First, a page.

When I was in graduate school in the early 1980s, I remember hearing Winston Brill, a professor of bacteriology at the University of Wisconsin-Madison, on the radio. Brill was predicting that in the coming years we would develop corn capable of incorporating nitrogen from the air into its tissues, reducing this important crop’s hunger for soil-applied fertilizers. This trait is called symbiotic nitrogen fixation, and is well-known in legumes, like soybeans, due to their ability to partner with microbes in the soil that can convert the inert nitrogen gas into forms that plants can use. But cereals like corn, it was thought, lack this microbial collaboration.
I was researching this very process, so with the hubris of youth, I scoffed, betting that science wouldn’t surmount the challenge of achieving nitrogen fixation in corn in my lifetime. Fortunately, I was wrong. In recent days, we learned that UW-Madison scientists in the College of Agricultural and Life Sciences, along with their colleagues at the University of California, Davis and Mars Inc., discovered indigenous varieties of corn capable of cooperating with bacteria to fix up to 80% of the nitrogen that the crop needs.
This stunning discovery has upended how we think about nitrogen fixation, and this important new trait may one day find its way into Wisconsin corn, a $1.6 billion business. Fertilizer makes up roughly 22% of the cost of producing corn, apart from the cost of land. Skimping on fertilizer can compromise crop yield, but excess fertilizer can run off the soil, impacting water used for swimming, fishing and drinking. Therefore, reducing corn’s need for fertilizer would be a boon for farmers and water quality alike.
Professor of Agronomy and Bacteriology Jean-Michel Ané and his collaborators found the corn in Oaxaca, in southern Mexico. There, farmers grow corn with little or no fertilizers, yet it grows to a skyscraping 16 feet. Looking closer, they saw sets of thick above-ground roots producing globs of sugary gel. Their curiosity led them to wonder if this unusual gel helped the corn grow despite the nutrient-depleted soil.
In addition to experiments in Mexico, Ané brought the corn back to Wisconsin. With assistance from corn experts, professors Natalia de Leon and Shawn Kaeppler, Ané grew the corn at the Hancock and West Madison Agricultural Research Stations and on campus in the Biotron, one of the few controlled-growth facilities tall enough to accommodate this special plant.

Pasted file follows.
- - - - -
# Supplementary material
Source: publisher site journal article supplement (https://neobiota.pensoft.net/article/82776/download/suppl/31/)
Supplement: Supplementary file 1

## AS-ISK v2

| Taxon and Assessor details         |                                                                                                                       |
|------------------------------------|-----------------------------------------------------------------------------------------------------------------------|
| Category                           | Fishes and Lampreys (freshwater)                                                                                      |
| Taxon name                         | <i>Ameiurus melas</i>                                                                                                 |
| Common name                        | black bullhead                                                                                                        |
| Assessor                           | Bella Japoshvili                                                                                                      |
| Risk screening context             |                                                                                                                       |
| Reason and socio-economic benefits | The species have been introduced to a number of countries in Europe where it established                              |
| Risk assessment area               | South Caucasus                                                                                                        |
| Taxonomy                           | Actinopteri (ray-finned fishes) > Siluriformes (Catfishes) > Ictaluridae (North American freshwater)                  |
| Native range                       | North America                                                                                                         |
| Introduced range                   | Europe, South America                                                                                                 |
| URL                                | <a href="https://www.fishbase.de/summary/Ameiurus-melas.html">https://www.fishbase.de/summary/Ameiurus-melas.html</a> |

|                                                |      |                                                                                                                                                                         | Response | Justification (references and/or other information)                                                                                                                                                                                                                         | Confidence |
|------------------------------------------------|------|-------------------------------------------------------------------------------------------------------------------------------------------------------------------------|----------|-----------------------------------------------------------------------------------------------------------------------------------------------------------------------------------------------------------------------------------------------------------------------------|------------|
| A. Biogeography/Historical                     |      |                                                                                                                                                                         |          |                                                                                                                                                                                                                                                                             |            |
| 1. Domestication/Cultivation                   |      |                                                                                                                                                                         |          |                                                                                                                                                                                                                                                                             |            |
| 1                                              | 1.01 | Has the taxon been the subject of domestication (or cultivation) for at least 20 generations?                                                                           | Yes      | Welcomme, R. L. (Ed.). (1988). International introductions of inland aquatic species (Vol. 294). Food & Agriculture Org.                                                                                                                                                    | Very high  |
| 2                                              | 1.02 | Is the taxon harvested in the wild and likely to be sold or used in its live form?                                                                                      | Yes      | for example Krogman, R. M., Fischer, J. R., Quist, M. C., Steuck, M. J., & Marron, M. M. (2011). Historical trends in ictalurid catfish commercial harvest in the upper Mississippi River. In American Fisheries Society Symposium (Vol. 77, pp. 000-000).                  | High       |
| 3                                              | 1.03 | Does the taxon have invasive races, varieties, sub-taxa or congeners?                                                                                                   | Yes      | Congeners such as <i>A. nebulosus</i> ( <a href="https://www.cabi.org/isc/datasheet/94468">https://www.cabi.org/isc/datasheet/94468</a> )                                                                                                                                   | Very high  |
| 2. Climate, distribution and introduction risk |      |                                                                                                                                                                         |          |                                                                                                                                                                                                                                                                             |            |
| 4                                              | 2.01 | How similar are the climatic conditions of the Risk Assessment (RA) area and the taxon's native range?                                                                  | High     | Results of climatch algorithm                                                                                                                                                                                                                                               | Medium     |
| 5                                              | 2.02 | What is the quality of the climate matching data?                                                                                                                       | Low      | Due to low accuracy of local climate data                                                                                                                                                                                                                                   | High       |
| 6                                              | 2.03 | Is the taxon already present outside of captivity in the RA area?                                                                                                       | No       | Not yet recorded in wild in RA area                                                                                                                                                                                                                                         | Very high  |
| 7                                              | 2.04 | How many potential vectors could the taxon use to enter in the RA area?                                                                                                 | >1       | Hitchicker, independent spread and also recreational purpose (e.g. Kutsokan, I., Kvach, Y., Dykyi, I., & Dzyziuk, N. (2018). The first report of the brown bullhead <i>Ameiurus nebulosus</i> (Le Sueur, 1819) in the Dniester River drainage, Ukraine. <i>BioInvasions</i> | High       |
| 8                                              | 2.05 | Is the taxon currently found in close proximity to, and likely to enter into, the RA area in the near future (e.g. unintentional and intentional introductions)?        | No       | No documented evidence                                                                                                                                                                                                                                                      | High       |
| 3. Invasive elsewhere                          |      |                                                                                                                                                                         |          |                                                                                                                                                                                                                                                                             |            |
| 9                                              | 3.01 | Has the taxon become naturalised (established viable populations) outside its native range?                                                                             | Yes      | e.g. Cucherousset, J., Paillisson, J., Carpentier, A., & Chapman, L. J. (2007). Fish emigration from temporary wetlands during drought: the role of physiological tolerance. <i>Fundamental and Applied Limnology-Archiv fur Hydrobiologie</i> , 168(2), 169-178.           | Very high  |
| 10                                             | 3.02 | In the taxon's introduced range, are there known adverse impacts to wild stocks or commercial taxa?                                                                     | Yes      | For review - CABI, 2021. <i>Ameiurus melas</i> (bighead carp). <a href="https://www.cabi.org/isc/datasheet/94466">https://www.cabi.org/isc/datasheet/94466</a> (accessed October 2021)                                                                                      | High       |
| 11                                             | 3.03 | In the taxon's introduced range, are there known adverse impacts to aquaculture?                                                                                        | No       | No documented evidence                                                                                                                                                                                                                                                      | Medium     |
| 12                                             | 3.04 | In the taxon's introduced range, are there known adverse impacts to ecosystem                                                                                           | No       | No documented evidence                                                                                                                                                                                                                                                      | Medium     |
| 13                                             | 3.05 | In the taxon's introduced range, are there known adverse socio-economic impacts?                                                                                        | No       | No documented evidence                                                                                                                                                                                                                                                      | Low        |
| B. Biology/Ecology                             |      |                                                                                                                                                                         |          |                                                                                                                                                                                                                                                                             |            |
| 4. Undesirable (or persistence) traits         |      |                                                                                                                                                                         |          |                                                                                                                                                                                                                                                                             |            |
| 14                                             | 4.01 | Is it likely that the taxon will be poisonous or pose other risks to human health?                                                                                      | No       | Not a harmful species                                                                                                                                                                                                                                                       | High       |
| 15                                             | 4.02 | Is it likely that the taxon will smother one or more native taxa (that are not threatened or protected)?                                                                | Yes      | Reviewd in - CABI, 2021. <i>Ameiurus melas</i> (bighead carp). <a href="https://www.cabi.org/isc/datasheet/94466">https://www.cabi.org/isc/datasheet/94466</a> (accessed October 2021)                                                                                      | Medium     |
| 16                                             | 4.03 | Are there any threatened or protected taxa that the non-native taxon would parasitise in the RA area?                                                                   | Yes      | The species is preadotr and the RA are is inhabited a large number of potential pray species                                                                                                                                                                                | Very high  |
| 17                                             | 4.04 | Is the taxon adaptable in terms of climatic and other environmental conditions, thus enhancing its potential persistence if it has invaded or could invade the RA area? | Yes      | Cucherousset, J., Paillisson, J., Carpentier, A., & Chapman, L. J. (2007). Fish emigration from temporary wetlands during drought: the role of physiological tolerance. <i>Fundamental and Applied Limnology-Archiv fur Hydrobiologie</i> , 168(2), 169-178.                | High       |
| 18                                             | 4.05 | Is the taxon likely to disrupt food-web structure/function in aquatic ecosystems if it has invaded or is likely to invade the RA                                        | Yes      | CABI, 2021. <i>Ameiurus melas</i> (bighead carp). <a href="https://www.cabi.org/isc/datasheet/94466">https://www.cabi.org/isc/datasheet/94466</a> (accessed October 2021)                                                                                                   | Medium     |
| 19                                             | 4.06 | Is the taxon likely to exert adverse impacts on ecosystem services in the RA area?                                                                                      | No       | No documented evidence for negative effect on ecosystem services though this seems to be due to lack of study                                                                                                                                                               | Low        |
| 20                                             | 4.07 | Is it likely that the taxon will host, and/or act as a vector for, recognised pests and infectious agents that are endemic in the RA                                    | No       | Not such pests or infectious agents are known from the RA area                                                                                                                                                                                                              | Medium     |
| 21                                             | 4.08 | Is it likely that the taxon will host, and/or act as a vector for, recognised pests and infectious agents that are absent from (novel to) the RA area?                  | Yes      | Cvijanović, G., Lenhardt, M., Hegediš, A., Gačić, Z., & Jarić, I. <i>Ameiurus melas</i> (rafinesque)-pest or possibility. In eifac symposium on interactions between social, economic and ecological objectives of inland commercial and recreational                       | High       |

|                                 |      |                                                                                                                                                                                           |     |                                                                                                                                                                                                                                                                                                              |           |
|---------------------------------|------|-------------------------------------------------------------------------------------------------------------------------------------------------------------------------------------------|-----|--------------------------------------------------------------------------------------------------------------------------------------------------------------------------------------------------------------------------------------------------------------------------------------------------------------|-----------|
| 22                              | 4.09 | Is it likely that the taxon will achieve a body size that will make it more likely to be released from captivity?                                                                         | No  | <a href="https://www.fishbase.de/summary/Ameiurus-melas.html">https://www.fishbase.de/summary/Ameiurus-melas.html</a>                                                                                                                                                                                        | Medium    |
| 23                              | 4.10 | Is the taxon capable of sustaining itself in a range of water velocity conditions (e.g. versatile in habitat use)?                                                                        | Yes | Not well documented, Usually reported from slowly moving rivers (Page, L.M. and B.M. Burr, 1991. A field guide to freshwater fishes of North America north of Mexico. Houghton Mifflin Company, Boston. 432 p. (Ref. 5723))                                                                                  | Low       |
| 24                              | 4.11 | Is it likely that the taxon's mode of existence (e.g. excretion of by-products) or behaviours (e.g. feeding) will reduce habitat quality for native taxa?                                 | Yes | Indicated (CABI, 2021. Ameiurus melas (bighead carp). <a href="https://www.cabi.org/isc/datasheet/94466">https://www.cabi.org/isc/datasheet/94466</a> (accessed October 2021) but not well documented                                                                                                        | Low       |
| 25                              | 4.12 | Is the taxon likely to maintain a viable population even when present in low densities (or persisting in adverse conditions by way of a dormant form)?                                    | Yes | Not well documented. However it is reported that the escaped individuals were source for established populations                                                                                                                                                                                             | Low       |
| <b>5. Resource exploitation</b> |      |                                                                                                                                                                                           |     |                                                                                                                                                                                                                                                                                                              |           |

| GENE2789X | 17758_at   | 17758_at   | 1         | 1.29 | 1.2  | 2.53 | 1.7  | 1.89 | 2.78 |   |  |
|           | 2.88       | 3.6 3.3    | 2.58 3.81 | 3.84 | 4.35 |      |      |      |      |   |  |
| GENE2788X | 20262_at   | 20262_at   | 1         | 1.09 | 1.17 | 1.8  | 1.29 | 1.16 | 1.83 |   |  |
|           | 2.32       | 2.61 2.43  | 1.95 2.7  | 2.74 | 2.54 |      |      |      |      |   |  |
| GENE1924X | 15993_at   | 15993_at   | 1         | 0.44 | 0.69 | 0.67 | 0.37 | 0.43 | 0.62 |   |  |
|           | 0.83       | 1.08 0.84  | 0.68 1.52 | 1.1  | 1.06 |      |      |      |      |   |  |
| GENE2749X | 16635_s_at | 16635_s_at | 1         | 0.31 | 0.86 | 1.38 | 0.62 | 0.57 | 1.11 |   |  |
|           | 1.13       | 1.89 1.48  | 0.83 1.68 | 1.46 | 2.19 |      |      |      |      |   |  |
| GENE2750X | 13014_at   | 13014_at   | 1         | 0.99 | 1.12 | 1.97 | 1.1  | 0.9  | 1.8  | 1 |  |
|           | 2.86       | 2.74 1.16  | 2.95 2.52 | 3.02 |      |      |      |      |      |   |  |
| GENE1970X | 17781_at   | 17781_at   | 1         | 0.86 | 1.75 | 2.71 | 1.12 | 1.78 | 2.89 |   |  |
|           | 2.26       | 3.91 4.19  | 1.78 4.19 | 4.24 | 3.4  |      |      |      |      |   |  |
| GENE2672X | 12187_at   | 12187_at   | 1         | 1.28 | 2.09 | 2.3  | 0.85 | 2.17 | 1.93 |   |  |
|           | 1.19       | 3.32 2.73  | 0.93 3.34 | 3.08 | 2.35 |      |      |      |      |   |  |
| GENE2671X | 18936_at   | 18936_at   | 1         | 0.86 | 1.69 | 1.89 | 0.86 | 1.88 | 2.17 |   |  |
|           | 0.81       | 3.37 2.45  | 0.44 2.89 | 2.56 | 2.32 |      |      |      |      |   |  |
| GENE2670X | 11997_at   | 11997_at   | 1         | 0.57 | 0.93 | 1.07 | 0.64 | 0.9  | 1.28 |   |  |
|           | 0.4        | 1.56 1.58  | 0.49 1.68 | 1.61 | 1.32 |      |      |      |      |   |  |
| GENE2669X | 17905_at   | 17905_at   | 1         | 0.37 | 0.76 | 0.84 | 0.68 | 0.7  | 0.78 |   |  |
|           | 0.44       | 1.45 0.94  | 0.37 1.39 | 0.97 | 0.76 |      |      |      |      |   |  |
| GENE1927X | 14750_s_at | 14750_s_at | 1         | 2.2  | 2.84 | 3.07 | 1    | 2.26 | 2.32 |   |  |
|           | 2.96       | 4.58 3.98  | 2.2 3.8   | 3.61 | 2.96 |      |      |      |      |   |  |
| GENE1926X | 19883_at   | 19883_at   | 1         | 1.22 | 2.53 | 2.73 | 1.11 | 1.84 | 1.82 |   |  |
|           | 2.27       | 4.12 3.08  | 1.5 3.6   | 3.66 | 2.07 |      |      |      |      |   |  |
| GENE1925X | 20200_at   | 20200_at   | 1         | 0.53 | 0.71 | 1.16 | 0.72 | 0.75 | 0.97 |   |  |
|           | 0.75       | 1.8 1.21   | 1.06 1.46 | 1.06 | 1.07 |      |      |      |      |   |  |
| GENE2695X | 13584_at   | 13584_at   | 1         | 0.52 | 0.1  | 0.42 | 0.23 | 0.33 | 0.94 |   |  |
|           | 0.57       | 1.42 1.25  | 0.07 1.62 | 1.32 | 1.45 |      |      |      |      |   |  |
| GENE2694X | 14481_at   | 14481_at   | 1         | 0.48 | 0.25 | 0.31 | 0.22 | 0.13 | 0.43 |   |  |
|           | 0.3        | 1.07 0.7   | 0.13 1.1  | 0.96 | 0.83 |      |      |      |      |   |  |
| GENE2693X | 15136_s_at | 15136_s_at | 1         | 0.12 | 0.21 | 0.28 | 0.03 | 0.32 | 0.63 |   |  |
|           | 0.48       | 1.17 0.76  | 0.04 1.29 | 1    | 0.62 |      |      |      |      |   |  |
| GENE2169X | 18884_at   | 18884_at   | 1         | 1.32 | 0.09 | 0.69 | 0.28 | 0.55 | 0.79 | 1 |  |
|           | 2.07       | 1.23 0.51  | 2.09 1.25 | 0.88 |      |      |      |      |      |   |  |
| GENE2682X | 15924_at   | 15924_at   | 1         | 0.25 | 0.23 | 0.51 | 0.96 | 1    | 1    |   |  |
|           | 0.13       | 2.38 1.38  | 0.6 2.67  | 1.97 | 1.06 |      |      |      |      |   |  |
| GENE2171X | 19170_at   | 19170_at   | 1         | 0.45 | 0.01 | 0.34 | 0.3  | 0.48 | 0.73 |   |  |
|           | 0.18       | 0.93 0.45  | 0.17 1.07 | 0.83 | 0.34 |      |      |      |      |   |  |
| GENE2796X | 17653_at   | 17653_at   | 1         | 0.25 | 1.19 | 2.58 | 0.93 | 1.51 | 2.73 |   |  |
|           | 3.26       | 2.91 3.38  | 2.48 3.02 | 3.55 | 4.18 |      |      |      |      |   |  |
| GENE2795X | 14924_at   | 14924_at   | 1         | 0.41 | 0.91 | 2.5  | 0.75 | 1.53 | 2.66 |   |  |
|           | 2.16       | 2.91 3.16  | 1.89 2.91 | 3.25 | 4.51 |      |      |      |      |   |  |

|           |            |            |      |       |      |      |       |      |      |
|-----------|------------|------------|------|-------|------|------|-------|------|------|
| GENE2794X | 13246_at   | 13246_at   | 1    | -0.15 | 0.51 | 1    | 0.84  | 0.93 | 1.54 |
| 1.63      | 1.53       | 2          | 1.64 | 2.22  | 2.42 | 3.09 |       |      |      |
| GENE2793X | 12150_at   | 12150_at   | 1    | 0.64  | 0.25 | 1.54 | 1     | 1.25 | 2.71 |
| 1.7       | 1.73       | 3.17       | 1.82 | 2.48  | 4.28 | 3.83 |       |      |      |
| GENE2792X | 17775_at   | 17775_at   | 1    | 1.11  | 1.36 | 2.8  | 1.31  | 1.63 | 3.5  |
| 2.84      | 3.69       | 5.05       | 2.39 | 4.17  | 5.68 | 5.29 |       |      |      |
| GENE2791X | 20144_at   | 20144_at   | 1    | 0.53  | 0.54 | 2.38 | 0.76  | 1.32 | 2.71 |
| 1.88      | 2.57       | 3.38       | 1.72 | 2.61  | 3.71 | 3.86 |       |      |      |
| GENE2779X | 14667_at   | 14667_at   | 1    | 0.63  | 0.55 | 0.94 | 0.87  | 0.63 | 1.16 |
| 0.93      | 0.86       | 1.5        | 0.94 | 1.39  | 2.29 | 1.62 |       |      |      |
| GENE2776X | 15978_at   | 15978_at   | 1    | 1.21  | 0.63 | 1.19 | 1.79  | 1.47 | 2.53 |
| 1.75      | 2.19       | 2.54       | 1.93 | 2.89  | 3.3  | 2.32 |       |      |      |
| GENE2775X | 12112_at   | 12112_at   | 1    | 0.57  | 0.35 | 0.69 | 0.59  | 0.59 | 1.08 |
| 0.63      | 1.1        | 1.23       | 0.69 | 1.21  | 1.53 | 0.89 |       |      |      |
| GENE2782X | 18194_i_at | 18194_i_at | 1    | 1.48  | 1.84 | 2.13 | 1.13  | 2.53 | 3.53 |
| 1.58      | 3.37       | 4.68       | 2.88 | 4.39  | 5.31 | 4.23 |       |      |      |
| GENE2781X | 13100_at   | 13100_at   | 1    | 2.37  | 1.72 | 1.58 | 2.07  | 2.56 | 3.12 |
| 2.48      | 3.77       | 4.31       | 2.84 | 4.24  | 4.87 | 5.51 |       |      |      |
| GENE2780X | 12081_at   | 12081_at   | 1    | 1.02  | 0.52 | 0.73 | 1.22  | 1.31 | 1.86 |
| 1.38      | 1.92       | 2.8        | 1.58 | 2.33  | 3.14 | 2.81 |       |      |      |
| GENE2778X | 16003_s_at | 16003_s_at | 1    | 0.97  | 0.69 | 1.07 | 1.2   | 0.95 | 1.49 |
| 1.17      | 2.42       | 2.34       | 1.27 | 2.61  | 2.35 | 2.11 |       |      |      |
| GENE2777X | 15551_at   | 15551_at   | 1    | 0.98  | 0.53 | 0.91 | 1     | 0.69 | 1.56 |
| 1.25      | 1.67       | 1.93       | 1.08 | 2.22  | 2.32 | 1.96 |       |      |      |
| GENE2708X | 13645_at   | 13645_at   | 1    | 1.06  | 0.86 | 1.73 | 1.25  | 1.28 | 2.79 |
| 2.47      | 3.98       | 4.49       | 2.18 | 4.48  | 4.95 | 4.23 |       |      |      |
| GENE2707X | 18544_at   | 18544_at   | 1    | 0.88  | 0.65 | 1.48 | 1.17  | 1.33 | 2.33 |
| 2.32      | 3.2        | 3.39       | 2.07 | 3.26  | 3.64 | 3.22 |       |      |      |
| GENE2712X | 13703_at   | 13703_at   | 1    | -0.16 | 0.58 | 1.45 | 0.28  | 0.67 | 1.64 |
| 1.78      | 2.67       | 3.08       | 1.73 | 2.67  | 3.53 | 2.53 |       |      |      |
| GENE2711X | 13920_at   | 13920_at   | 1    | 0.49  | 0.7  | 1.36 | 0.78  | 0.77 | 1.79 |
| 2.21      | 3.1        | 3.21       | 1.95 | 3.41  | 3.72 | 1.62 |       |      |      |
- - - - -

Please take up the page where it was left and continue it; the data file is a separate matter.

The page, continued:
Ané’s research team brought out every possible test to verify what seemed so improbable when I was younger — that the gel clinging to the roots harbored a mini-ecosystem, including unique bacteria capable of fixing nitrogen, and that the airborne roots absorbed this nitrogen into the plant’s tissues. Between Ané’s expertise in bacterial communities and UW-Madison’s agricultural know-how, this discovery depended upon Wisconsin’s interdisciplinary collaborations and specialized research facilities.
While years of additional research will be required, scientists hope to breed this amazing nitrogen-fixation trait into modern cultivars of corn. If they and their colleagues are successful, Wisconsin farmers may one day have the option to grow corn that fixes nitrogen, much like their soybeans already do. In the meantime, UW-Madison scientists will continue following their curiosity, knowing that their discoveries will one day improve the lives of Wisconsinites.
What became of Brill after I doubted his prediction? He established the Cetus campus in Middleton, a biotechnology powerhouse that was eventually acquired by Monsanto and donated to UW-Madison two years ago. Now led by Kaeppler, the Wisconsin Crop Innovation Center, managed by the College of Agricultural and Life Sciences, is working to develop improved varieties and better techniques for growing crops, while providing space for the next generation of curiosity-driven research into plant growth.
It is the foresight of visionaries such as Brill and the curiosity of researchers like Ané that are the backbone of the Wisconsin Idea, the university’s commitment that our work is not done until it reaches every home, or dinner plate, in the state.
Note: This op-ed was published in the Milwaukee Journal Sentinel on Aug. 22,2018.